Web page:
The climate science denialists, who post here, will feel an obligation to either ignore or reject all the following information.
Climate change: How do we know
The Cook et al. (2013) 97% consensus result is robust
The 97% ‘Consensus’ on Climate Science
List of Worldwide Scientific Organizations that state climate change is real and human driven
What’s Really Warming the World?
Bloomberg Carbon Clock
The three-minute story of 800,000 years of climate change with a sting in the tail
There’s No Science Behind Denying Climate Change
Earth sets heat record in 2016 — for the third year in a row
This Animation Lets You Watch Global Warming Heat Up Over 166 Years
New study confirms the oceans are warming rapidly
From pole to pole, twin sea ice records have scientists stunned
‘Extreme’ Changes Underway in Some of Antarctica’s Biggest Glaciers
‘Extreme’ Changes Underway in Some of Antarctica’s Biggest Glaciers
‘Extreme’ Changes Underway in Some of Antarctica’s Biggest Glaciers
Watch 26 Years of Arctic Ice Disappear in Seconds
Melting Permafrost Is Turbocharging Climate Change
How the Earth will pay us back for our carbon emissions with … more carbon emissions
America’s TV meteorologists: Symptoms of climate change are rampant, undeniable
Climate: What did We Know and When Did We Know it?
How Reliable are Satellite Temperatures? (Director’s Cut)
Major correction to satellite data shows 140% faster warming since 1998
Surveilling the Scientists
AP FACT CHECK: On climate science, most GOP candidates fail
Climate change escalating so fast it is ‘beyond point of no return’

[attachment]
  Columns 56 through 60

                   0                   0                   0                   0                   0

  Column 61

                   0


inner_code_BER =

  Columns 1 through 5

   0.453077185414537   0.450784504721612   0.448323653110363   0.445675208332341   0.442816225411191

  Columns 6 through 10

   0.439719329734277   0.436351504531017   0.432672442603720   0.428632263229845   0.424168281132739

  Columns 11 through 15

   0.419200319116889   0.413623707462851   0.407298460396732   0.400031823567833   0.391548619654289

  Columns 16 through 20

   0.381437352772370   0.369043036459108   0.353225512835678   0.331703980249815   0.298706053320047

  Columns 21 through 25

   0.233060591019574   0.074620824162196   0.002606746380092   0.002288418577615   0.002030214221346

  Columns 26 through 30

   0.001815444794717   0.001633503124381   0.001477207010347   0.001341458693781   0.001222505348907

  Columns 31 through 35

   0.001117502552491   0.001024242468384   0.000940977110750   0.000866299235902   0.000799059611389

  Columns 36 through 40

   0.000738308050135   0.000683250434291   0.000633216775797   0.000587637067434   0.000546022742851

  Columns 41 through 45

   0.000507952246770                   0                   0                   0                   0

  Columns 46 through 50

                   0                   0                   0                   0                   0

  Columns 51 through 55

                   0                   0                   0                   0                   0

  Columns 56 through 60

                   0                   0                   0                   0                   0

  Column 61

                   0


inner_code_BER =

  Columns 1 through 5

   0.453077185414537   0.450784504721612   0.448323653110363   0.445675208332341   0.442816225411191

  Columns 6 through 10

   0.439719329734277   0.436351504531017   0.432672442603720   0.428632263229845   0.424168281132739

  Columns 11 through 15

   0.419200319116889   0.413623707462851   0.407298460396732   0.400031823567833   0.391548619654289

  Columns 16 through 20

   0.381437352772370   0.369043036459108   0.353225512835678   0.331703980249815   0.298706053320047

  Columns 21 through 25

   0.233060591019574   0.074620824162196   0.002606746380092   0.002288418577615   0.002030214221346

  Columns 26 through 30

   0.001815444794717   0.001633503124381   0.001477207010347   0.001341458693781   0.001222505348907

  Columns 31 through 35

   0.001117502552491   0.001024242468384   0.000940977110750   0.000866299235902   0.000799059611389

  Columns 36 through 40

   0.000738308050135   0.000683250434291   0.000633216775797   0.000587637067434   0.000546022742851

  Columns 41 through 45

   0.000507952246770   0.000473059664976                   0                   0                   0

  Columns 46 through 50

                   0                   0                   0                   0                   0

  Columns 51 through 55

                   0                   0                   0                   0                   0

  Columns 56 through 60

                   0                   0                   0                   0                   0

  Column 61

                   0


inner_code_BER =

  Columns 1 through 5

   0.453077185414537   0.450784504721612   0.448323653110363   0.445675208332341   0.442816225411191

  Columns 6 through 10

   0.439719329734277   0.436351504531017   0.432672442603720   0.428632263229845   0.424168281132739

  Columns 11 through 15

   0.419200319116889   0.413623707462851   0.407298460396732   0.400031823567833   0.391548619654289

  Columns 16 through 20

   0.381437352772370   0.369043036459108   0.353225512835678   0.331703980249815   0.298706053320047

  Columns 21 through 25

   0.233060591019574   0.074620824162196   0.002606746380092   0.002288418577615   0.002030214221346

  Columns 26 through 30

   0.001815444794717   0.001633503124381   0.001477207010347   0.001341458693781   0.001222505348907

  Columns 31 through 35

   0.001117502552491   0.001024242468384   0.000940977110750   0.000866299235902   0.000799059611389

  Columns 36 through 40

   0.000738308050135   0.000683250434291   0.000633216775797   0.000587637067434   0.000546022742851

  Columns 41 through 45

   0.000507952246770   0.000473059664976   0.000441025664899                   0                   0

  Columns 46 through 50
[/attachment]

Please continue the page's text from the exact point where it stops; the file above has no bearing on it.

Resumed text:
New study rewrites two decades of research and author says we are ‘beyond point of no return’
Steven Chu Shares Some Sobering Climate Change Math
Scientists “too frightened” to tell truth on climate impacts
The Earth Itself Is Now Accelerating The Demise Of The Human Species
Climate change could plunge tens of millions of city dwellers into poverty by 2031
A Horrifying New Study Found that the Ocean is on its Way to Suffocating by 2030
March against madness – denial has pushed scientists out into the streets
The Threat of Global Warming causing Near-Term Human Extinction
Temperature, carbon dioxide and methane
CO2 Concentration – Last 800,000 years
CO2 Concentration during the last 316-years
Atmospheric CO2 Rocketed to 405.6 ppm Yesterday — A Level not Seen in 15 Million Years
World on track to lose two-thirds of wild animals by 2020, major report warns
Humanity driving ‘unprecedented’ marine extinction
I should point out some of the history that preceded this effort. In the U.S.S.R. the nuclear geo-engineering program was referred to as Peaceful Nuclear Explosions (PNE) and was encouraged by the counterpart effort, in the U.S., known as Project Plowshare. U.S. scientists and engineers encouraged the USSR to compete with us in efforts to employ nuclear explosive devices for various civil engineering applications. A major proponent, of the U.S. program was eminent nuclear physicist Dr. Edward Teller, often referred to as the father of the American H-bomb. Over a 17 year period the U.S. program spent approximately $770 million on the Project Plowshare program. There were 27 nuclear explosive tests conducted by the U.S. to test various concepts.